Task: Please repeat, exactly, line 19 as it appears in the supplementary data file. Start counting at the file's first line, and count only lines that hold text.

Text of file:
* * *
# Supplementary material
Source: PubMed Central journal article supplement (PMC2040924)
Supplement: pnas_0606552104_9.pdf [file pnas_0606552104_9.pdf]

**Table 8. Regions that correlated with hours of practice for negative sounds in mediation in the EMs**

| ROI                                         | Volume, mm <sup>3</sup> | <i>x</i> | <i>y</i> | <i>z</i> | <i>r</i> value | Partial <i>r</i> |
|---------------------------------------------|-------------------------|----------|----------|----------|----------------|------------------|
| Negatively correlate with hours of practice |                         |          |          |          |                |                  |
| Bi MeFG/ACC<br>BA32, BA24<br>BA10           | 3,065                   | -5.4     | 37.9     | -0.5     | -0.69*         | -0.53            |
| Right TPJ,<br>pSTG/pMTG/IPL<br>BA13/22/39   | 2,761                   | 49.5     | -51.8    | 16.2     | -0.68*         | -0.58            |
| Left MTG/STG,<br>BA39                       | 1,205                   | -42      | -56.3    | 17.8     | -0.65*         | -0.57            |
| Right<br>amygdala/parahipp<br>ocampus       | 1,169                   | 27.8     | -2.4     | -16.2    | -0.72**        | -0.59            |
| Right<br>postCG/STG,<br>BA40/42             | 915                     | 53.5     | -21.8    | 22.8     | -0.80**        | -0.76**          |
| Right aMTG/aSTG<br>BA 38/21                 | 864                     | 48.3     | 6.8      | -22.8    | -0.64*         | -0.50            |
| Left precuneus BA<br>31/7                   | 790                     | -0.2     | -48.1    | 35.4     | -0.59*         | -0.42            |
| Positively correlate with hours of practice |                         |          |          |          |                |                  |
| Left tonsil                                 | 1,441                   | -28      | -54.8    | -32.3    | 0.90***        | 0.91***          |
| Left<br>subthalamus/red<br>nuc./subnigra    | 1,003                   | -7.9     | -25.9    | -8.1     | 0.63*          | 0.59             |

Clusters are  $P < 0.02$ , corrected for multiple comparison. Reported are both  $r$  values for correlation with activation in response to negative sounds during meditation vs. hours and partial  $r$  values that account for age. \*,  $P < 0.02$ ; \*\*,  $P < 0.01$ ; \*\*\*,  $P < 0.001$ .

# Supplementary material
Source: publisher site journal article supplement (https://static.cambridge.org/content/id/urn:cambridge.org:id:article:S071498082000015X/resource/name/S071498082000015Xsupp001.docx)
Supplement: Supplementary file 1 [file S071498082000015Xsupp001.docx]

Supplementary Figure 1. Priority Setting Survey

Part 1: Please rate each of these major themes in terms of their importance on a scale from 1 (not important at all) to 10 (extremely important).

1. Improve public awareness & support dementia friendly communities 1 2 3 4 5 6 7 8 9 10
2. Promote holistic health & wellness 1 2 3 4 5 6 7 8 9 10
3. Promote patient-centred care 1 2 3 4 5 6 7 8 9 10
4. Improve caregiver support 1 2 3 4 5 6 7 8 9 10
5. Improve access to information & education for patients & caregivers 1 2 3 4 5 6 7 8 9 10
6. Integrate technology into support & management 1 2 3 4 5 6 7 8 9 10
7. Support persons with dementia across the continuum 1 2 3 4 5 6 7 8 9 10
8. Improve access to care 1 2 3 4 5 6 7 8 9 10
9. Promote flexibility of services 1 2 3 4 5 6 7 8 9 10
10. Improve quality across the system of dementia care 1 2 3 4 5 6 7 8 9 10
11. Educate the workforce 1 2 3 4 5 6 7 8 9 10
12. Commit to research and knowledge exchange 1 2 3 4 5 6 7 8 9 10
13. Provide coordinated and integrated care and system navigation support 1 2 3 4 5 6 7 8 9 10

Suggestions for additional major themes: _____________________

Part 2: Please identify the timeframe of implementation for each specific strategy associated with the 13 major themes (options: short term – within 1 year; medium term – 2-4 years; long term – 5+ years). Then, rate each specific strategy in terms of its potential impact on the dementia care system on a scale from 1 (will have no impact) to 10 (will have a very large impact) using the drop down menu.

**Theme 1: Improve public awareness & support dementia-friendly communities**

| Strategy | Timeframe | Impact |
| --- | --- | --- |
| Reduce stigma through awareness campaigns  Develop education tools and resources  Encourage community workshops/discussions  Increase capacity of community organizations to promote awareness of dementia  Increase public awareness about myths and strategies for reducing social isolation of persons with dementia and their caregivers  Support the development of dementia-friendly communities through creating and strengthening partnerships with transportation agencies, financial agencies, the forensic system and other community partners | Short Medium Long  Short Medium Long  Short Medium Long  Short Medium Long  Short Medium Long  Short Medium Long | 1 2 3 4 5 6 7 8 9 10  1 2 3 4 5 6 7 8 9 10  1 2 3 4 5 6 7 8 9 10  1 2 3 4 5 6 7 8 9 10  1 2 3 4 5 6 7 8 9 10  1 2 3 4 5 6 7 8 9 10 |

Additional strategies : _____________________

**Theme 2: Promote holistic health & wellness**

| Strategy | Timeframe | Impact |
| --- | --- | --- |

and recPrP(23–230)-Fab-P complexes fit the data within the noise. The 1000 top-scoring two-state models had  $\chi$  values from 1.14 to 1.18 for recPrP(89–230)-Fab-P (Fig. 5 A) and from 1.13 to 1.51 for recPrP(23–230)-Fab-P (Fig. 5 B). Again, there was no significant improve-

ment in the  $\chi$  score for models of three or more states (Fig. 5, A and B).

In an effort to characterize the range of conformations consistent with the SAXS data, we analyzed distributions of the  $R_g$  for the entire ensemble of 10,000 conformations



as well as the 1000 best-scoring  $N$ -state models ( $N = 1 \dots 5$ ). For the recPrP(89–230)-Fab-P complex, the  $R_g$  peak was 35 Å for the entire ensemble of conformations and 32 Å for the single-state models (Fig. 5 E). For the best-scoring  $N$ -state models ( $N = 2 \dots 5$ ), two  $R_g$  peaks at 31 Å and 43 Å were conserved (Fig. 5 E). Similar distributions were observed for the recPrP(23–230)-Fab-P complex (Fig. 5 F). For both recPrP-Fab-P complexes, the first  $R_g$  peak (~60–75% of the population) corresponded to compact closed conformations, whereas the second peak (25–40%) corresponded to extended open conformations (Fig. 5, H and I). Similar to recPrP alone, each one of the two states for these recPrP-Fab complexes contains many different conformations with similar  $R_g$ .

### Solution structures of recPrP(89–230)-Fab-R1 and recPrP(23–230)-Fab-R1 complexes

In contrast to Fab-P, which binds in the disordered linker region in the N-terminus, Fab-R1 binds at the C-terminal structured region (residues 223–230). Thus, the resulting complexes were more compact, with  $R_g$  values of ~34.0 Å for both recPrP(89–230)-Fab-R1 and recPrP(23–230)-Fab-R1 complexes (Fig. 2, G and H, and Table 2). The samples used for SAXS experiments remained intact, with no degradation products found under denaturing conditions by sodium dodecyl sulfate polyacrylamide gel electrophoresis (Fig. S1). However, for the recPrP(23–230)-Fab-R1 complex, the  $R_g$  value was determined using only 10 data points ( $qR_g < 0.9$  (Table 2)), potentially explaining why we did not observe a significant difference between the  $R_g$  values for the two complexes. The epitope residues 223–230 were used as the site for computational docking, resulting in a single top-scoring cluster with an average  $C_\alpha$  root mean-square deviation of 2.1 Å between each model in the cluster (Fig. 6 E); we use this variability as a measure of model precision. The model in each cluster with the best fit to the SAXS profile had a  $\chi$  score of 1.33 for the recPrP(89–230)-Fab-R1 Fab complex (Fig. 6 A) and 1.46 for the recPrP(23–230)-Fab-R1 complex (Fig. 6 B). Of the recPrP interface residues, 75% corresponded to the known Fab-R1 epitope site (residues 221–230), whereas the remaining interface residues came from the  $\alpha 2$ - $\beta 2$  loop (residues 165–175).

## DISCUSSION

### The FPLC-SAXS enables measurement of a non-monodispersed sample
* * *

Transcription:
# Supplementary material